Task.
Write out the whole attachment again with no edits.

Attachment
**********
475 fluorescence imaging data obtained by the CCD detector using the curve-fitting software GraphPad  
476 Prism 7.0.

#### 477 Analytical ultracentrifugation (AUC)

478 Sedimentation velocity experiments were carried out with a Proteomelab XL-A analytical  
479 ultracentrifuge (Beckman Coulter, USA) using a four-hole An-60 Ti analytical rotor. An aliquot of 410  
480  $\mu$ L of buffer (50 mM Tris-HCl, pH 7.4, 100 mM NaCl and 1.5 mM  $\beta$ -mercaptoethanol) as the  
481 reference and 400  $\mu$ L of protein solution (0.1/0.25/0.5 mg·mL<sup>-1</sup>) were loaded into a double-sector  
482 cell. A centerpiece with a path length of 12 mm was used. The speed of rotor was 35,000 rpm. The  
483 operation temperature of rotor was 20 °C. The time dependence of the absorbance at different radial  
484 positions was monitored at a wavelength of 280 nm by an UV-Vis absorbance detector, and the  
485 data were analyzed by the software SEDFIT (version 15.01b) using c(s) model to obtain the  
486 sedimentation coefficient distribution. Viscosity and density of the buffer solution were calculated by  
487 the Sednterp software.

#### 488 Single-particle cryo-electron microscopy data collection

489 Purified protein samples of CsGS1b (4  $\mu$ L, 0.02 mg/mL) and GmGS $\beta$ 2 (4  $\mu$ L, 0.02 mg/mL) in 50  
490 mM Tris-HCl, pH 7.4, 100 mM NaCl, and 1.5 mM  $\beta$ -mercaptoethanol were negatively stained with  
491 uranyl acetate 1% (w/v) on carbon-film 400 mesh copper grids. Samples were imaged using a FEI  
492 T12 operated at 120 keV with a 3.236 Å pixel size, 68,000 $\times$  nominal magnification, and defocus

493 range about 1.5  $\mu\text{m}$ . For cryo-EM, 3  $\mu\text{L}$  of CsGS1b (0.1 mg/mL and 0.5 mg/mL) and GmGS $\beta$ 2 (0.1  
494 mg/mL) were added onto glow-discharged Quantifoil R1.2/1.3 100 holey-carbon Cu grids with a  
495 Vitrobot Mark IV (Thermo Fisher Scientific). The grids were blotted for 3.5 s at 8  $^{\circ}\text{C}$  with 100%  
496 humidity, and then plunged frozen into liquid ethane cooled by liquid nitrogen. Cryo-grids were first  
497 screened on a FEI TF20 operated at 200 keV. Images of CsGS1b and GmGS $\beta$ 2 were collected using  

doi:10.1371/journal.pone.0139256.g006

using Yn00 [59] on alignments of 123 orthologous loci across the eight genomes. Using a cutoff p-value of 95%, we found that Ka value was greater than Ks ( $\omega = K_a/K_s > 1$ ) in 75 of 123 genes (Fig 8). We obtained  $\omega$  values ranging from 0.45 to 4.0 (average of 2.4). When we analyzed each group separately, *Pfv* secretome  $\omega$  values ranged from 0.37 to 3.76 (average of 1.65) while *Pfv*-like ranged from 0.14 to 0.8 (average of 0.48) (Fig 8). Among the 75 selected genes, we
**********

475 fluorescence imaging data obtained by the CCD detector using the curve-fitting software GraphPad  
476 Prism 7.0.

#### 477 Analytical ultracentrifugation (AUC)

478 Sedimentation velocity experiments were carried out with a Proteomelab XL-A analytical  
479 ultracentrifuge (Beckman Coulter, USA) using a four-hole An-60 Ti analytical rotor. An aliquot of 410  
480  $\mu$ L of buffer (50 mM Tris-HCl, pH 7.4, 100 mM NaCl and 1.5 mM  $\beta$ -mercaptoethanol) as the  
481 reference and 400  $\mu$ L of protein solution (0.1/0.25/0.5 mg·mL<sup>-1</sup>) were loaded into a double-sector  
482 cell. A centerpiece with a path length of 12 mm was used. The speed of rotor was 35,000 rpm. The  
483 operation temperature of rotor was 20 °C. The time dependence of the absorbance at different radial  
484 positions was monitored at a wavelength of 280 nm by an UV-Vis absorbance detector, and the  
485 data were analyzed by the software SEDFIT (version 15.01b) using c(s) model to obtain the  
486 sedimentation coefficient distribution. Viscosity and density of the buffer solution were calculated by  
487 the Sednterp software.

#### 488 Single-particle cryo-electron microscopy data collection

489 Purified protein samples of CsGS1b (4  $\mu$ L, 0.02 mg/mL) and GmGS $\beta$ 2 (4  $\mu$ L, 0.02 mg/mL) in 50  
490 mM Tris-HCl, pH 7.4, 100 mM NaCl, and 1.5 mM  $\beta$ -mercaptoethanol were negatively stained with  
491 uranyl acetate 1% (w/v) on carbon-film 400 mesh copper grids. Samples were imaged using a FEI  
492 T12 operated at 120 keV with a 3.236 Å pixel size, 68,000 $\times$  nominal magnification, and defocus

493 range about 1.5  $\mu\text{m}$ . For cryo-EM, 3  $\mu\text{L}$  of CsGS1b (0.1 mg/mL and 0.5 mg/mL) and GmGS $\beta$ 2 (0.1  
494 mg/mL) were added onto glow-discharged Quantifoil R1.2/1.3 100 holey-carbon Cu grids with a  
495 Vitrobot Mark IV (Thermo Fisher Scientific). The grids were blotted for 3.5 s at 8  $^{\circ}\text{C}$  with 100%  
496 humidity, and then plunged frozen into liquid ethane cooled by liquid nitrogen. Cryo-grids were first  
497 screened on a FEI TF20 operated at 200 keV. Images of CsGS1b and GmGS $\beta$ 2 were collected using  

doi:10.1371/journal.pone.0139256.g006

using Yn00 [59] on alignments of 123 orthologous loci across the eight genomes. Using a cutoff p-value of 95%, we found that Ka value was greater than Ks ( $\omega = K_a/K_s > 1$ ) in 75 of 123 genes (Fig 8). We obtained  $\omega$  values ranging from 0.45 to 4.0 (average of 2.4). When we analyzed each group separately, *Pfv* secretome  $\omega$  values ranged from 0.37 to 3.76 (average of 1.65) while *Pfv*-like ranged from 0.14 to 0.8 (average of 0.48) (Fig 8). Among the 75 selected genes, we